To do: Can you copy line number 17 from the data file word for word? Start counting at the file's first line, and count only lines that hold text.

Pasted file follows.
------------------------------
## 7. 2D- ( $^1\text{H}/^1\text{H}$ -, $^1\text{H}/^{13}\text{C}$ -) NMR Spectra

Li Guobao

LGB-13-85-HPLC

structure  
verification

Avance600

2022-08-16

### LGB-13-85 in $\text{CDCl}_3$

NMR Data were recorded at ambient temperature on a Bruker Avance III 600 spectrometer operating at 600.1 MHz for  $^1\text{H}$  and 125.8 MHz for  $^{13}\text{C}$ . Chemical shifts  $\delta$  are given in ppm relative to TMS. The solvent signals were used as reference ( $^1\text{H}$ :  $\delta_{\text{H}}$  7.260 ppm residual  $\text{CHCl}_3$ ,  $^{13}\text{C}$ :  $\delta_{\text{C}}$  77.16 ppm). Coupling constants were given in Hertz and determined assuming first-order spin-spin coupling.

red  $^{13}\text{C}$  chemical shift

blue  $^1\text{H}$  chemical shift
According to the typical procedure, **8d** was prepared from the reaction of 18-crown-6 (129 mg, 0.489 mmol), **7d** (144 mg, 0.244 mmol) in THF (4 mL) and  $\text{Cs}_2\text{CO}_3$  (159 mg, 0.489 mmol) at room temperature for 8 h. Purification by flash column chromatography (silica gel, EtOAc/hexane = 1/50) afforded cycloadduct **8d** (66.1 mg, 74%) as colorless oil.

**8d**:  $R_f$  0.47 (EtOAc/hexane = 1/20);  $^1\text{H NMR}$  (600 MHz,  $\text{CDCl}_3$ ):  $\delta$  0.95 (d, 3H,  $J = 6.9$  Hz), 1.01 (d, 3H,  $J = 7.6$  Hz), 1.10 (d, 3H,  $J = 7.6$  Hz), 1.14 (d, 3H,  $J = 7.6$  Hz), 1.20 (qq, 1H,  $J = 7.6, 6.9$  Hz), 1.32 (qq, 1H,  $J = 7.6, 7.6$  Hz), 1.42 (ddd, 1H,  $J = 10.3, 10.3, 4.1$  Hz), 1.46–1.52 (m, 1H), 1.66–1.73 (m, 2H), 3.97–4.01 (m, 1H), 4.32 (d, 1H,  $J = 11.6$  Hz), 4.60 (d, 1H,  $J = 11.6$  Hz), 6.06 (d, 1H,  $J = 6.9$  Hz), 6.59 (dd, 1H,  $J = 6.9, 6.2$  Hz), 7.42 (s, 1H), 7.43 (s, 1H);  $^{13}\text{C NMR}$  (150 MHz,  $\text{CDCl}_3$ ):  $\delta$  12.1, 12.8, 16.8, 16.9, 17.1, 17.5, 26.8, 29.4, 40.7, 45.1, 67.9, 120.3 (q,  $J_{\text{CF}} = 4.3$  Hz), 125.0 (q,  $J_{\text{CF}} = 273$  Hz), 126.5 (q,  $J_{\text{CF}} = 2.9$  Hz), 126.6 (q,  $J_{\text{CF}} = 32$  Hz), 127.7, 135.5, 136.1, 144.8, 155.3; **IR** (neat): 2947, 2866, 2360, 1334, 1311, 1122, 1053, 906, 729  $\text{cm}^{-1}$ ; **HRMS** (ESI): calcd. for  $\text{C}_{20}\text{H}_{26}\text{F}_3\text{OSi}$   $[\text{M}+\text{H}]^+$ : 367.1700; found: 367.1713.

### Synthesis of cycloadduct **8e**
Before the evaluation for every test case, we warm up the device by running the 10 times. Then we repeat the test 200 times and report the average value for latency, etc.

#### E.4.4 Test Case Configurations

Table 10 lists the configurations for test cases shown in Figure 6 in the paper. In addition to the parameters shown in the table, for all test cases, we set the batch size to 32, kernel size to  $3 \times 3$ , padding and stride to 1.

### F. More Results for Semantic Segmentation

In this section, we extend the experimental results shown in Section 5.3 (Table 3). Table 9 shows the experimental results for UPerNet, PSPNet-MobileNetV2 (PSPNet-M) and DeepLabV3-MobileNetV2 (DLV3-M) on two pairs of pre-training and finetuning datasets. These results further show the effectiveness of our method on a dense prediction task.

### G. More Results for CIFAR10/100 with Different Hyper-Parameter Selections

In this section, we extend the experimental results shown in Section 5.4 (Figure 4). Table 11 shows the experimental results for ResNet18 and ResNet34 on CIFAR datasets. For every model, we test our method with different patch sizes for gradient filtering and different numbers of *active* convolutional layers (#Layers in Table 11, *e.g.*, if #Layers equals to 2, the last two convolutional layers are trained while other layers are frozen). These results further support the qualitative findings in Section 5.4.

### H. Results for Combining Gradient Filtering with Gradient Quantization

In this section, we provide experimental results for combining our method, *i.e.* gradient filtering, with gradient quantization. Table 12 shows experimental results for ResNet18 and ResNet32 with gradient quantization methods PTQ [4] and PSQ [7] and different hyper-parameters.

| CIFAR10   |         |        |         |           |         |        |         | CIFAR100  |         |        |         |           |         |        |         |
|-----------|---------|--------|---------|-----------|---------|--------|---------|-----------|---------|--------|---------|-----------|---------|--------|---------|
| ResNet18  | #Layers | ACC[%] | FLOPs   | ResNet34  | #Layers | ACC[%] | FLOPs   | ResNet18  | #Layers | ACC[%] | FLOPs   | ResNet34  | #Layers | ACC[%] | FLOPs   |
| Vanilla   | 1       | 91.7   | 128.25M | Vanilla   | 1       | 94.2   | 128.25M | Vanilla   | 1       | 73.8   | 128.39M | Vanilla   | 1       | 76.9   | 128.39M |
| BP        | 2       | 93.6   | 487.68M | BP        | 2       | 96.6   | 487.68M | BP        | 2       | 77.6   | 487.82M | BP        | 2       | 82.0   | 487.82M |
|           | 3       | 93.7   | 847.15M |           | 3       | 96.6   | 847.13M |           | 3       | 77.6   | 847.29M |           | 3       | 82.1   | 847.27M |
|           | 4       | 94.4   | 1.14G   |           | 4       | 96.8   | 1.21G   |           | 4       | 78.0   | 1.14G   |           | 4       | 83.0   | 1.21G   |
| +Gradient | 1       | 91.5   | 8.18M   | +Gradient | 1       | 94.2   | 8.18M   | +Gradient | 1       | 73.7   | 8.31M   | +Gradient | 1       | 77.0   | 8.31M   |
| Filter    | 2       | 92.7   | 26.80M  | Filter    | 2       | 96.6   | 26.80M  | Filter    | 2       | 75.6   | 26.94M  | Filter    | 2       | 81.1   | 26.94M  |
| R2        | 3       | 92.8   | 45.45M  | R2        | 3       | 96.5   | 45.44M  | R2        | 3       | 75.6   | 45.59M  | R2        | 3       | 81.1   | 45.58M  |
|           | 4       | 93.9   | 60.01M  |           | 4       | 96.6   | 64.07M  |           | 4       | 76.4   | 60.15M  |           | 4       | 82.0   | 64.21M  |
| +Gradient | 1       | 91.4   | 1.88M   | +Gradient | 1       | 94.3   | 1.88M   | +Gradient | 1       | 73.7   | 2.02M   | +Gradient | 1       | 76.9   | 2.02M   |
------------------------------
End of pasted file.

Table 10 lists the configurations for test cases shown in Figure 6 in the paper. In addition to the parameters shown in the table, for all test cases, we set the batch size to 32, kernel size to  $3 \times 3$ , padding and stride to 1.